The three-story brick building at the corner of Main and Osborn streets in Cambridge, on the edge of Kendall Square and the MIT campus, captures three distinct eras in the city’s innovation history. In the early 1800s, it was the site of Kimball & Davenport, the first builder of passenger railroad cars in America.
Read MoreFashioning fashionable offerings of all kindsFifty shades, by Gray
Glowing LEDS, geometric silks, 3-D-printed headdresses, and cage-like bras were on display at a science-themed fashion show at the MIT Media Lab this week, each a daring blend of science and style. The garments were the product of a mind-meld between teams of scientists and designers from across the world, as part of the first-ever Descience contest.
Read MoreThe virtual view from HollywoodA report from Oculus' first conference for virtual reality software developers
The virtual reality headset maker Oculus — now owned by Facebook — held its first conference for software developers last month. I bumped into Shane Scranton, a Vermont entrepreneur, the day before he flew out to Hollywood for the conclave, and asked him to share his impressions afterward. Scranton's startup, IrisVR, has been pitching investors and architecture firms on software that can take three-dimensional models of buildings and "translate" them easily and quickly for viewing on the Oculus goggles. It's an amazing experience: you can walk through and look around spaces that haven't yet been built.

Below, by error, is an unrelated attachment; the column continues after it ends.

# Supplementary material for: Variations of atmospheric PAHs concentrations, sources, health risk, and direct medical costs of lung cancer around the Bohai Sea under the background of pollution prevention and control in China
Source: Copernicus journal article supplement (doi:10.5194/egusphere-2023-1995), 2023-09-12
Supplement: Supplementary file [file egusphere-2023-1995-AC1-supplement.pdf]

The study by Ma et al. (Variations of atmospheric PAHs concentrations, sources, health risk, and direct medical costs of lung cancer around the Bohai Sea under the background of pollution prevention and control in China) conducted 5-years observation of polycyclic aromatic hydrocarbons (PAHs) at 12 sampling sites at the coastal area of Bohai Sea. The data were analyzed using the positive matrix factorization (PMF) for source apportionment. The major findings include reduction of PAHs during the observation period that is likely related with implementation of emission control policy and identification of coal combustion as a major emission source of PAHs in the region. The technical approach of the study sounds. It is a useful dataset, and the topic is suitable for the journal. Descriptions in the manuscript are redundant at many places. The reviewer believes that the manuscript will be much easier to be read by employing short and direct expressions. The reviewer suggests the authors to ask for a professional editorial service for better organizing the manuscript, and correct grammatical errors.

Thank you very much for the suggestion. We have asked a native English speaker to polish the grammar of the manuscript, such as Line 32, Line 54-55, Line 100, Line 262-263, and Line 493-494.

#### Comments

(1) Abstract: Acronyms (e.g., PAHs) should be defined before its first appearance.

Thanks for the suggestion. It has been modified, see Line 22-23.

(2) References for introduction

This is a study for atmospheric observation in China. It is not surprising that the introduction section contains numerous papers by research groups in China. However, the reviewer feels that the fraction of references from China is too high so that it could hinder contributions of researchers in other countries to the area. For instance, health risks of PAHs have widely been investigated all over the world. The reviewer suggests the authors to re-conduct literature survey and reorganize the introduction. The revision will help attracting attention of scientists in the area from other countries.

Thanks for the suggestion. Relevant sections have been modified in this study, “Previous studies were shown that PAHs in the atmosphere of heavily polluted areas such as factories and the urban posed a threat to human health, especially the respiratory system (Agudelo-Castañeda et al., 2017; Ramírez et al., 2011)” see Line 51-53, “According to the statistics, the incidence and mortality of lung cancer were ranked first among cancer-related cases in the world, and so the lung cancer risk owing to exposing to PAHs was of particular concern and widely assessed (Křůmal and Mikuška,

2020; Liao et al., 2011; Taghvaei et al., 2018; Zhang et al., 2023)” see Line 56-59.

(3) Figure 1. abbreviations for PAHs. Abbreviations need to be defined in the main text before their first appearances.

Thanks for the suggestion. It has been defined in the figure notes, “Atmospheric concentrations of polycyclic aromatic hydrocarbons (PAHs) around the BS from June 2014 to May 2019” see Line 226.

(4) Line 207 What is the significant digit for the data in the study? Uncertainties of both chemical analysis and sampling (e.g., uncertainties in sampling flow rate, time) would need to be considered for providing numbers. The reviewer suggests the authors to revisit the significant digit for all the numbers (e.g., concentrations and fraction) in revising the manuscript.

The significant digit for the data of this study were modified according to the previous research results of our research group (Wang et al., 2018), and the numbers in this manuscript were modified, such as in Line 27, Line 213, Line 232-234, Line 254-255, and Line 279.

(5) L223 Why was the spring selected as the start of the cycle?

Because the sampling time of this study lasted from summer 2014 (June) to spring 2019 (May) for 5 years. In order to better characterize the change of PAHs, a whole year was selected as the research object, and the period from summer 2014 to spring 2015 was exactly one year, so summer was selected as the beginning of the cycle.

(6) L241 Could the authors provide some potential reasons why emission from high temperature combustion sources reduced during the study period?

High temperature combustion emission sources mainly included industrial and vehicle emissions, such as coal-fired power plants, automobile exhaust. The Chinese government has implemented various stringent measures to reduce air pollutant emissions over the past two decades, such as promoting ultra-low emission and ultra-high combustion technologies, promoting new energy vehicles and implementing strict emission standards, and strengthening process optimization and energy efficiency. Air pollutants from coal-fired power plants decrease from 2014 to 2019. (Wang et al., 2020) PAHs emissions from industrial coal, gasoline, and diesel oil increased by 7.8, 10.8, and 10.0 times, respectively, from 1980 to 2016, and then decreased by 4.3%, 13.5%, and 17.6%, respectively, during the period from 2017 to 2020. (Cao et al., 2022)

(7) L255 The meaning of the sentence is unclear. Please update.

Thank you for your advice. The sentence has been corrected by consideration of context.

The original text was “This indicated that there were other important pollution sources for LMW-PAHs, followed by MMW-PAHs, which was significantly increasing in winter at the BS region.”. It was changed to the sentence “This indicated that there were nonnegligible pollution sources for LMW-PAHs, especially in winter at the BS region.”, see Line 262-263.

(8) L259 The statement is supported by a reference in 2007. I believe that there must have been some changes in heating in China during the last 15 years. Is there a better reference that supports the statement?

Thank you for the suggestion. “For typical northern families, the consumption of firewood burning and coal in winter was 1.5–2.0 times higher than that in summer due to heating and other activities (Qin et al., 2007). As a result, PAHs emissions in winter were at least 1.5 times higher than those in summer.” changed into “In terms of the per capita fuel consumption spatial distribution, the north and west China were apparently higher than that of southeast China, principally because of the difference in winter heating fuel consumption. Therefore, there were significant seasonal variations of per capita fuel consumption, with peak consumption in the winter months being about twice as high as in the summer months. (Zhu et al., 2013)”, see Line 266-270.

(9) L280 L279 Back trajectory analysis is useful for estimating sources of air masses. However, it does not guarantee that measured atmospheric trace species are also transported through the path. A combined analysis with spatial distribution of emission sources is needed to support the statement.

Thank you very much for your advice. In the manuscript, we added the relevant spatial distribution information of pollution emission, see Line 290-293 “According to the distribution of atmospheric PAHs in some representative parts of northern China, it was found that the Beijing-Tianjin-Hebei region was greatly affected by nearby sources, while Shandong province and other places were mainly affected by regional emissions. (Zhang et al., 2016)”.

We love technology. Many of us feel lost without the hard, comforting touch of our iPhones and computers. They've become almost a human-like extension of ourselves.
But what happens when we allow technology to take over? What happens when the computer becomes the central processor, and we become the extra step? That's the question author Nicholas Carr asks in his latest book, “The Glass Cage: Automation and Us.” Read MoreA Firm with No NameAtlas Venture splits tech and life sciences divisions
Two weeks ago, Facebook began suspending the accounts of members of the Sisters of Perpetual Indulgence, a drag and community service organization. Members who'd been active on Facebook under their stage names were locked out until they registered with their legal names.
For those members who wanted to keep their stage identities separate from the rest of their lives, at least online, Facebook's actions threatened to tear down a critical wall of privacy. After attempted discussions with Facebook, a whole lot of media (and social media) attention, and a Change.org campaign that's collected more than 36,300 signatures, on Wednesday Facebook's chief product officer Chris Cox apologized to the group. Read MoreHow far can Wayfair go?Wayfair IPO marks the start of a new era for the Boston tech community
Robotics entrepreneurs may soon have their own special place for bot-building. A group of robotics companies, research-and-development labs, and the tech industry trade group Massachusetts Technology Leadership Council are working to create a shared workspace for fledgling robotics ventures, dubbed Mass Robotics. Plans could be announced as soon as mid-October. The space may be located at Alewife on the far fringe of Cambridge, but that's still up in the air, as is a target opening date.